Monday, October 20, 2014     Volume: 15, Issue: 32
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Santa Maria Sun / Eats

Chef Ryan Gromfin concocts a soup recipe for grown-ups this Halloween

BY WENDY THIES SELL


GOURMET GOURDS
These smaller, sugar pie pumpkins are sweet, fine grained, and dense, and are grown for eating, not carving into jack-o’-lanterns.
PHOTO BY WENDY THIES SELL

For the Halloween edition of Eats, I invited chef Ryan Gromfin to share one of his scrumptious soup recipes using seasonal gourds.

Gromfin was formerly the chef at Central City Market. Now as a consulting chef, Gromfin assists restaurant owners around the world, inventing recipes, designing menus, and training staff.

He recently worked locally with Pasión, The Historic Santa Maria Inn, the Far Western Tavern, and the Radisson Hotel Santa Maria. Radisson Hotel’s Vintner’s Grill debuted a new menu in early November that Gromfin helped design. He also currently has a client in New Delhi, India.

Gromfin has a new project in the works in Santa Maria, a unique restaurant called Moxie. For details, read Eats in the coming months.

The multi-faceted chef was kind enough to contribute a pumpkin soup recipe perfect for Halloween and the rest of fall, when pumpkins are in season.

The chef takes over the rest of this week’s Eats column from here:

 All souped up!

“I thought why not make a slightly spicy (more adult) pumpkin soup for your Halloween party this year,” Gromfin wrote. “After all, the kids are probably not going to eat pumpkin soup, but if they do, this one will remind them of those sweet, spicy cinnamon Red Hot candies we all love.

“When it comes to cooking pumpkin I have two theories:

“No. 1. I don’t think people actually love pumpkin as much as they love the sweet spices associated with pumpkin. There is something warm and soothing about the smells of cinnamon, nutmeg, and allspice on a crisp fall morning!”

“No. 2. This is less about pumpkin and more about cinnamon, but when the average person thinks of cinnamon, they relate it to a spicy (hot) flavor, like we find in Red Hots, Hot Tamales, and Big Red gum.

“So a little trick that I use in almost all my cinnamon cooking (even the sweet recipes) is that I back up the addition of cinnamon powder with a pinch of cayenne pepper. It just heats things up a bit.

“Lastly, with regards to this pumpkin soup recipe, I would highly suggest that you use whole, fresh pumpkin, but not the kind you carve; those are terrible when cooked.”

“When buying a pumpkin for cooking, you want a pumpkin labeled sweet, sugar, Cinderella, or cheese pumpkin (don’t ask).

“You might not be able to find them at the grocery store, but I believe the Avila Valley Barn will have them.”

[Albertson’s and various local farmers markets have cooking pumpkins this season as well.]

“Otherwise, you can substitute a 15 oz. can of pumpkin puree. It’s a lot less work, but it’s just not the same!”

 

Red Hot Pumpkin Soup

By Chef Ryan Gromfin, 
Authentic Restaurant Concepts

Procedure:

Place the whole pumpkins on a sheet tray in the oven at 350 degrees for 45 minutes to 1 hour. When you can insert a knife easily through the pumpkins, they are done.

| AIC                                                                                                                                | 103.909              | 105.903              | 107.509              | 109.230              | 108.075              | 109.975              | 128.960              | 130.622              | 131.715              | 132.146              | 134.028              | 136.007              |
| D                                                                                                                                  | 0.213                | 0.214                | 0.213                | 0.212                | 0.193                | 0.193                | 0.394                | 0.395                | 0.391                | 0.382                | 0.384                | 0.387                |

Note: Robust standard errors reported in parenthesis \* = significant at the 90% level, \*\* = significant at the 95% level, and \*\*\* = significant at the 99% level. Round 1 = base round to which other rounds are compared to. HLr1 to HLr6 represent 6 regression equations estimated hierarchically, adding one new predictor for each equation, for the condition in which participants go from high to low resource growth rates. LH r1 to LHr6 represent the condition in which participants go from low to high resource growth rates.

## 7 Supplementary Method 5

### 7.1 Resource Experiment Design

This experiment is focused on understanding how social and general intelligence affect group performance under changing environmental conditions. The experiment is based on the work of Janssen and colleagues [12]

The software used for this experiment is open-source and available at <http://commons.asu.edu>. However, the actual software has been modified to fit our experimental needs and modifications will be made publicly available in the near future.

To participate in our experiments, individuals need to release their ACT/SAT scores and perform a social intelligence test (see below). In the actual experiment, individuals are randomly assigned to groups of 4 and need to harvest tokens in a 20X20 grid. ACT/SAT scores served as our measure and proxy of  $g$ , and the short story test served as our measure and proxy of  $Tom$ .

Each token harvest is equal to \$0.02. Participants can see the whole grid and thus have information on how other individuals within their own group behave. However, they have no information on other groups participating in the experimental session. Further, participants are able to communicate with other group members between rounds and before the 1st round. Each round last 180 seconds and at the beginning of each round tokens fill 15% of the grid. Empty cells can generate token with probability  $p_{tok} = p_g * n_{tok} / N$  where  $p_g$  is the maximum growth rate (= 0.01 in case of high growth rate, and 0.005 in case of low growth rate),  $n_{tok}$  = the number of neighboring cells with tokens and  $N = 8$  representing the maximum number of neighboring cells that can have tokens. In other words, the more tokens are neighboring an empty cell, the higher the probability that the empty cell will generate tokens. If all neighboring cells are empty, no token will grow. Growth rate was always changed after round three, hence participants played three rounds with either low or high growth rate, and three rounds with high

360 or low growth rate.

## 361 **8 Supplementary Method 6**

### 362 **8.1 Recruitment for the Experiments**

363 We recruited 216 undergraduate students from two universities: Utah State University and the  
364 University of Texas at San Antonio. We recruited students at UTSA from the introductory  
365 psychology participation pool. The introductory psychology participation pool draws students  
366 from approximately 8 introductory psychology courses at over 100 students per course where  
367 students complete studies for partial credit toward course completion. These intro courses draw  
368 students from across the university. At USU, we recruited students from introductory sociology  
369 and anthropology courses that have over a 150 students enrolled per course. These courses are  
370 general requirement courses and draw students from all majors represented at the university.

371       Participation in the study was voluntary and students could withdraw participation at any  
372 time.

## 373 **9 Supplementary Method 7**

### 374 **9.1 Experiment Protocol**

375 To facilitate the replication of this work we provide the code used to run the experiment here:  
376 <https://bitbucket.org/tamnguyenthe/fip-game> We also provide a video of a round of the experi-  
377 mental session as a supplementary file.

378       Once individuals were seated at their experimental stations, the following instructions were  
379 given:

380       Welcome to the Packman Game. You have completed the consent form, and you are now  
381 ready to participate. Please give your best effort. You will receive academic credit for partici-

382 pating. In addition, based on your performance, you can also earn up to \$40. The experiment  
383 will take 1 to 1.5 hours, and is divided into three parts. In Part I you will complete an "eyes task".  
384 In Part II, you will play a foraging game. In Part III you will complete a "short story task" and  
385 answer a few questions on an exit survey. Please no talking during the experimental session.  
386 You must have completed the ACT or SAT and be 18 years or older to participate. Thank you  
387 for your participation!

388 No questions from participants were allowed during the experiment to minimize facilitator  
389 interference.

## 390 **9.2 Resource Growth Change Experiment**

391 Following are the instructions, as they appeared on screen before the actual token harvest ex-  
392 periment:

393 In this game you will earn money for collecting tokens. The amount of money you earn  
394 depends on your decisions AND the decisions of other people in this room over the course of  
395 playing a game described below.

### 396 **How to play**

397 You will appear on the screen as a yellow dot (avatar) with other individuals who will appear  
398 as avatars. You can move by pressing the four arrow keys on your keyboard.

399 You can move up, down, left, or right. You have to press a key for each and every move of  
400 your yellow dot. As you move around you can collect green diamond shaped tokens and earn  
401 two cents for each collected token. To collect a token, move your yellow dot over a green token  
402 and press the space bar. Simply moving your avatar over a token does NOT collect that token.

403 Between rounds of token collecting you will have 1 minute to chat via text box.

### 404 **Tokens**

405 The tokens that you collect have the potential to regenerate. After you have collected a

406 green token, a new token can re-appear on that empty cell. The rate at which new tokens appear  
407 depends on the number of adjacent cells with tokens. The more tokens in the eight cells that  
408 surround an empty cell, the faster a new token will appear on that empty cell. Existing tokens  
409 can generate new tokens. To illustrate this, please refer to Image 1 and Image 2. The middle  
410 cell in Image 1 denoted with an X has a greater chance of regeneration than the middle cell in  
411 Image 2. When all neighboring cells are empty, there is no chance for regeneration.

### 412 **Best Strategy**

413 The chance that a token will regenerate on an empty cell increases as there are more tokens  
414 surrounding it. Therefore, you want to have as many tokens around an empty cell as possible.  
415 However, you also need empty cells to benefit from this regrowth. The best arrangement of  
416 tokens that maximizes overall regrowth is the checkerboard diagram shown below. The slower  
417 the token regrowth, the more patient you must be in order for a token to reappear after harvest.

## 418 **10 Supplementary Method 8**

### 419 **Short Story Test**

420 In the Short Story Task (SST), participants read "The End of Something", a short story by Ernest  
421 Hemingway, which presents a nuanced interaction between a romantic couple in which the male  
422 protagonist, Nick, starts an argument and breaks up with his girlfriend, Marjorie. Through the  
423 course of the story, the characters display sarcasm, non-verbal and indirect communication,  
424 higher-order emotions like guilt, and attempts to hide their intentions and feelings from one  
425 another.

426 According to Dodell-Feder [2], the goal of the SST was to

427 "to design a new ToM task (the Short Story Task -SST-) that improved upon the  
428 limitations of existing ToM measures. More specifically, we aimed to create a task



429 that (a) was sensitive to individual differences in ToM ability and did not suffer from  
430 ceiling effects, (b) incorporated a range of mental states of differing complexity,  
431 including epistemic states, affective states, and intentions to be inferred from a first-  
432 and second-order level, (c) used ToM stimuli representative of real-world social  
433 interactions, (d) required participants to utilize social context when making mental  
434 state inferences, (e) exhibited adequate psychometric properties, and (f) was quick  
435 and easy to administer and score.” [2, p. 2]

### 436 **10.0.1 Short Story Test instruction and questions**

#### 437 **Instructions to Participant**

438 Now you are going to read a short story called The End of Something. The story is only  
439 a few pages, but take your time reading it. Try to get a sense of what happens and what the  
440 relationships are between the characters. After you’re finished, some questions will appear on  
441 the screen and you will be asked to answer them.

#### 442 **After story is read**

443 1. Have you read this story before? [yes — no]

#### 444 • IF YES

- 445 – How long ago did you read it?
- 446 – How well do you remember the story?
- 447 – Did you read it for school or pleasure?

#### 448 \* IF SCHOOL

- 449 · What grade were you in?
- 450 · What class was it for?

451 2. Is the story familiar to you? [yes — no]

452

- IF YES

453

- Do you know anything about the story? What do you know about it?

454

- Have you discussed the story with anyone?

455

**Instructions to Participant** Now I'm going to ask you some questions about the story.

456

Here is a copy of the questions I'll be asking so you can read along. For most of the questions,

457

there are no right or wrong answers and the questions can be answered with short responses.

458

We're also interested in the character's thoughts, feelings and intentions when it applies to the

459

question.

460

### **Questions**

Allow them to rest for 30 minutes. Peel the skin off and separate the seeds from the pulp, reserve the pulp and the seeds separately. The rest goes in the trash.

In a large stockpot, melt the butter over medium heat, then add the onion, celery, carrot, and garlic. Sauté for five minutes until soft. Add the rest of the ingredients (except salt) and bring to a boil, then reduce to a simmer for 20 minutes.

CAREFULLY, blend the soup in your bar blender or with an immersion (stick blender). If you are using a blender, I have three tips on safety that you MUST follow when blending anything hot.

  • ONLY fill the blender ½ way
  • DO NOT place the lid on the blender (or use the lid but remove the center piece if it has a hole). Place a heavy kitchen towel over the top of the blender. Why, you ask? Well, hot liquid expands and releases steam. If your lid is on and you hit go, it will literally blow off and spray hot soup everywhere, including on you (OUCH!).
  • Start on the lowest speed and work your way to high, blending until smooth.

 
OK, now that the soup is blended, you have a choice to make: to strain or not to strain. That depends on how awesome you want your soup to be and how lazy you are feeling. Though I am a generally lazy person, when it comes to straining soup, I ALWAYS STRAIN. Pour the soup through the finest mesh strainer you have and your soup will be as smooth as silk and AWESOME!

Repeat this process for the whole batch, and then mix it all together in a container and season with salt to taste.  If you like your soup sweeter or spicier, now is the time to adjust with either maple syrup or brown sugar and cayenne. Then you can either cool the soup or heat it back up to a boil and serve.

I like to serve the soup with toasted pumpkin seeds and either sour cream or homemade cinnamon cayenne marshmallow (search Google for a homemade marshmallow recipe). Or you can use a couple of those store-bought marshmallows and place them on top of the soup in each bowl, then place the bowls under the broiler for a minute or two to toast the marshmallows. Mmmmmm, enjoy your Red Hot Pumpkin Soup!

Back to those pumpkin seeds: rinse them off, boil in salted water for 10 minutes, then toss them with oil and salt, and roast at 400 degrees until dry and toasted, roughly five to 15 minutes.

 

Sun wine and food columnist Wendy Thies Sell loves sipping warm soup during “soup weather.” Contact her at wthies@santamariasun.com.